If these APIs are a step on the way to a framework that supports self tracking objects then I believe itt’s a step in the right direction!

    However I hope MS will support such a framework and not expect us to all re-invent the wheel by hacking together our own custom solutions.

    Just my opinion

  5. mhnyborg says:

    The entity framework team will never learn instead of making something that works there throwing more API at a dead end.

    But I am glad to read this because now I can safely remove the EF framework from my list of data access  choices.

  6. Kristofer says:

    I’m sure that somewhere in a dusty cabinet you will find the design documentation for good old ADO 2.x.

    Read that, read it twice, sleep on it and then discuss among yourselves: why make n-tier support any more complicated [for the users of EF/…] any more complicated than that?

    And then re-read what Frans Bouma wrote in his comment.

    Build change tracking into the entity classes. That will make n-tier support work as elegantly as it did ten years ago in ADO. Make generation of the change tracking code optional (but default) so those who want/need it can use it but those who don’t want/need it can simply switch it off and get clean light-weight objects…

    JMHO

    Kristofer

  7. Erik says:

    How does this IEntityWithChanges fit with Jimmy Nilssons " things you should not have to do in persistence ignorance…Provide mandatory specific fields?

  8. Andrej Burger says:

    When somebody said me, that MS added detached scenario to EF I was vary sad. MS again implemented something I found out a time ago. But after reading the article I am "happy". I dont think this solves much. So we can continue to earn money with wrapper above EF that solves all the problems with detached entities. OK we do not support POCO, we created base class for entities, we have own code generator, but customer do not cares. He has state tracking, original and current values, references and that is exactly what he needs and do not need to implement himself. He just loads, changes and saves the object.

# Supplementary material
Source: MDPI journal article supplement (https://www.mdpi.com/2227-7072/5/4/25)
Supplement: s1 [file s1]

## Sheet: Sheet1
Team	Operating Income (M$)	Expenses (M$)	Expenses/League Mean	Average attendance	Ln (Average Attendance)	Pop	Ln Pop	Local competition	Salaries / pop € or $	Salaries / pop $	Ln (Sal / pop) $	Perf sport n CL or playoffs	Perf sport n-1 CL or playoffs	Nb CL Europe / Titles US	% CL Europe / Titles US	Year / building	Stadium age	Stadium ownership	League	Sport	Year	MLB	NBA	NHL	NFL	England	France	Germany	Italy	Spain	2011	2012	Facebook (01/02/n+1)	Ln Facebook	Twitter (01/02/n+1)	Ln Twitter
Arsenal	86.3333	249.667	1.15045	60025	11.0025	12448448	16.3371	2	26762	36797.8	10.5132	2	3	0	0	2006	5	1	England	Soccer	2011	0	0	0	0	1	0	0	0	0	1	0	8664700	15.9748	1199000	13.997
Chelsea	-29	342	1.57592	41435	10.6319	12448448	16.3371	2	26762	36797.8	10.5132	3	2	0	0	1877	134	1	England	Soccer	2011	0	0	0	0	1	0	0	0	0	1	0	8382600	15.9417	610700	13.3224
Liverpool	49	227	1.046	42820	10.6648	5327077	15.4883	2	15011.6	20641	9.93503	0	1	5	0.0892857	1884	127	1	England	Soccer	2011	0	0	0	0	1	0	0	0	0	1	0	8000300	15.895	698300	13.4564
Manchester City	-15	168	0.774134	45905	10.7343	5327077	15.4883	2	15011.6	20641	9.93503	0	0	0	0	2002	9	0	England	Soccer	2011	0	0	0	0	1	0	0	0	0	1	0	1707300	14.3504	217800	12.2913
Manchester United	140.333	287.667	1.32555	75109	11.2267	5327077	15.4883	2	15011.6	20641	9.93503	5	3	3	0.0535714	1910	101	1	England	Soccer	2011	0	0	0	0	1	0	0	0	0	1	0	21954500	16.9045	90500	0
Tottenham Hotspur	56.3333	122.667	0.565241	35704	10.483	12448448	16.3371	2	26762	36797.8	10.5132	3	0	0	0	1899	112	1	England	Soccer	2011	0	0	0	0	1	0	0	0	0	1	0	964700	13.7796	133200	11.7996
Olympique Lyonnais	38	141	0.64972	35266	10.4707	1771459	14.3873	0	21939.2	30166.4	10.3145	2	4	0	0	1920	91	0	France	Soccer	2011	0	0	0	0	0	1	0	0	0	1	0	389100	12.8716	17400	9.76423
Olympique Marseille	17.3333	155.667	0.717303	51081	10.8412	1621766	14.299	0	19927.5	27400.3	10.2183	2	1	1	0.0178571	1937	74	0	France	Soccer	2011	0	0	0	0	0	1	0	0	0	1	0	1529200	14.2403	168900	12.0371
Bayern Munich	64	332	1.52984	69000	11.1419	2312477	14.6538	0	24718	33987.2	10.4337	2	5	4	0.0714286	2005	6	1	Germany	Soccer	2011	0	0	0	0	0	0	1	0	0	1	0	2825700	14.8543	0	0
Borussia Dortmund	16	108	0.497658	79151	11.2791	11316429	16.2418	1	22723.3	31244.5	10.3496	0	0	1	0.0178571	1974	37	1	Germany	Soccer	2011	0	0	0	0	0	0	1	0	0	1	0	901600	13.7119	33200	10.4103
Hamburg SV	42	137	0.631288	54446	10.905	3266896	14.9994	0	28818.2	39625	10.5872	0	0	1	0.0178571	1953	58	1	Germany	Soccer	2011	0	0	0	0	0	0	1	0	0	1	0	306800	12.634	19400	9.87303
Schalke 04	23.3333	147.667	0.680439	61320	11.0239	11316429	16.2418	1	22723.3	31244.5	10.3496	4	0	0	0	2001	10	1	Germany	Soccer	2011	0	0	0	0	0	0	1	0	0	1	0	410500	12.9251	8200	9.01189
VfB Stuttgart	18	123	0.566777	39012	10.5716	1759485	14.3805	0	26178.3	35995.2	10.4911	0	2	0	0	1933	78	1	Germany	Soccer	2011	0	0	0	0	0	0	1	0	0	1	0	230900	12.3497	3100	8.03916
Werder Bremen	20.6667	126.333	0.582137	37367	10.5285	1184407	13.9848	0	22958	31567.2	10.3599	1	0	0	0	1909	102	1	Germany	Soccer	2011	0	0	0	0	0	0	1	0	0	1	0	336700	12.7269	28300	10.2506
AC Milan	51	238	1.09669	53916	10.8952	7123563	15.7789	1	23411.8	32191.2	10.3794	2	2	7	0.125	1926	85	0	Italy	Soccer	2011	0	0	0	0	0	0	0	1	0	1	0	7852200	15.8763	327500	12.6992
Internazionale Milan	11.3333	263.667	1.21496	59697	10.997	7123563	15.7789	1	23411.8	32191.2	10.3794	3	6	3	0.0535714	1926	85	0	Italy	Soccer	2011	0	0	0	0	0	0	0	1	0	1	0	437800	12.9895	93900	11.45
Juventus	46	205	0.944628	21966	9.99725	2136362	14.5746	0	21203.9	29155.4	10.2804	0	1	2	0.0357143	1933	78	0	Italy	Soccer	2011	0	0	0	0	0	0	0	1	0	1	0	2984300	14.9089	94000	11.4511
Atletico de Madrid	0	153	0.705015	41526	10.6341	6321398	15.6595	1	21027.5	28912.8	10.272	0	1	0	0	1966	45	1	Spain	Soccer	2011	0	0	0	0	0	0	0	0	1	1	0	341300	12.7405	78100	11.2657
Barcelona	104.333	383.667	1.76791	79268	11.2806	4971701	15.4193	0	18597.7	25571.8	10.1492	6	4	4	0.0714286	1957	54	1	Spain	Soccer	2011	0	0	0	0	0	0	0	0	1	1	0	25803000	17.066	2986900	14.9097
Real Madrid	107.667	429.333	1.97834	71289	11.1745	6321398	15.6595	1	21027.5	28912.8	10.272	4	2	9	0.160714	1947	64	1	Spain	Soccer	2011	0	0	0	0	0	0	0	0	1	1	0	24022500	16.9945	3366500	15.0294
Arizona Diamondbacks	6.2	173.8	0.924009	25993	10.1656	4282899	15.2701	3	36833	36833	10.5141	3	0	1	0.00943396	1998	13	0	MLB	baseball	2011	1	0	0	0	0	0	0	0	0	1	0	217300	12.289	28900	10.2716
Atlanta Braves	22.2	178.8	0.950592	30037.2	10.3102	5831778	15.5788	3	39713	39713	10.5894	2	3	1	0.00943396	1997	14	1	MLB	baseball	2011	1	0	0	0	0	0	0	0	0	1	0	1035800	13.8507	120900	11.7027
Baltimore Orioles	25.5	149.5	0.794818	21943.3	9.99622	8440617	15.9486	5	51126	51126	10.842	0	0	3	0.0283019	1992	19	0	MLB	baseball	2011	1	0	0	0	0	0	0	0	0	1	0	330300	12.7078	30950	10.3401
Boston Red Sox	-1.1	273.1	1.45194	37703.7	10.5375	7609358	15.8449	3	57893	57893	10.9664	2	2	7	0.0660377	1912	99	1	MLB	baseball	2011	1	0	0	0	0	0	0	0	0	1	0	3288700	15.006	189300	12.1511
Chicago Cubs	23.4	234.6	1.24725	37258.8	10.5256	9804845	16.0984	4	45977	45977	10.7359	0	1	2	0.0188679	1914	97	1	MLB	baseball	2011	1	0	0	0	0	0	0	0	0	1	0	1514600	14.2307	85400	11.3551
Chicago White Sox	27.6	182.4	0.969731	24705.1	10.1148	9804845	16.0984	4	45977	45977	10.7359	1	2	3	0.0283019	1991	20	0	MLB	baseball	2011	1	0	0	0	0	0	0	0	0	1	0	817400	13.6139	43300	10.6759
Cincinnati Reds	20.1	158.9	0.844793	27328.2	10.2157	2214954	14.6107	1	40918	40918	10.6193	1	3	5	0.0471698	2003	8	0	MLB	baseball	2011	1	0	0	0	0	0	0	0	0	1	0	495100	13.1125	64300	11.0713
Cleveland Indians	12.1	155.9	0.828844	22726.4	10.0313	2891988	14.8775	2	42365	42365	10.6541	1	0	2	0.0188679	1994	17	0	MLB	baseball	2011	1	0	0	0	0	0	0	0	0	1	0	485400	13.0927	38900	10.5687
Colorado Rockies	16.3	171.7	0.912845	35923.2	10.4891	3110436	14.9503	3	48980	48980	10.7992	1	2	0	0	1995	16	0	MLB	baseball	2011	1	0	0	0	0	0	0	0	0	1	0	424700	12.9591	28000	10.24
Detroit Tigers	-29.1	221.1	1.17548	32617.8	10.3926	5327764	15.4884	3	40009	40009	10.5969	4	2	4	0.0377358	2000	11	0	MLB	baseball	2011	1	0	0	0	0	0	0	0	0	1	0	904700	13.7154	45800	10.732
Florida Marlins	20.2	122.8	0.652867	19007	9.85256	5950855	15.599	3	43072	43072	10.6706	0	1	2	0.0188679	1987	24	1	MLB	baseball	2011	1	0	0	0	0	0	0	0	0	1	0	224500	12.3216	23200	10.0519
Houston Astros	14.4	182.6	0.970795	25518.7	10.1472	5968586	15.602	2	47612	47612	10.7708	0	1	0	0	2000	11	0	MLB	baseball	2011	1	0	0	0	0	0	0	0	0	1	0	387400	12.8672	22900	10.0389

I understand that you cannot supply only high level solution. There are projects that need special care. So create layers, where the lowest layer is for special projects and the highest layer is for easy projects. Not one solution for everybody.

    Then developer can choose what layer will he use. That is much worth, than possibility to implement it himself even with published common patterns. But if he do not like it, he can use the lowest layer and implement it as he wants.

    Andrej

  9. More than 1.5 year ago (!) I wrote an article about why change tracking of changes of an entity should

  10. Diego Vega says:

    @Jason, Kristofer and Andrej

    Thanks for your comments, and keep them coming!

    As Jeff said, this is just a first step. As you can see in the explanation of the DataSet approach, and also in the initial post of this blog about the Transparent Design Process (http://blogs.msdn.com/efdesign/archive/2008/06/23/transparency-in-the-design-process.aspx), we are aware that many of our customers expect us to simplify the experience much more than this. We will keep working to satisfy this need, and here we think we are laying out the foundation for that.

    In any case, we want to make sure the building block API is public, because we think it augments Entity Framework as a platform that other developers can use to provide their own solutions for these problems. Hopefully Andrej will find it useful!

    On the other side, I have to say most of the customers we see asking questions in our forums about how to do N-Tier development using EF, seem not to be held back by having to write the kind of code that we show in the patterns here. They seem to hit a wall, however, when they see how the current API provides only all or nothing contract on graphs, and that therefore they need to shred entities and relationships.

    It would be very cool to hear more on how you would expect the experience to be.

  11. Diego Vega says:

    @Erik,

    IEntityWithChanges interface that you see in the code sample, is just that, sample code. Nothing like that is required in the entities.

    The intention is to show how you could define a contract yourself on how to represent state, and then use it in your own entities, to later write the piece of code that would use the contract for something useful.

    I probably don’t know Jimmy well enough to tell what he would think :), but pesonally I don’t mind using an interface like this in POCO, as long as it is either my interface or a very general purpose interface in the .NET Framework libraries.

  12. JasonBSteele says:

    @Diego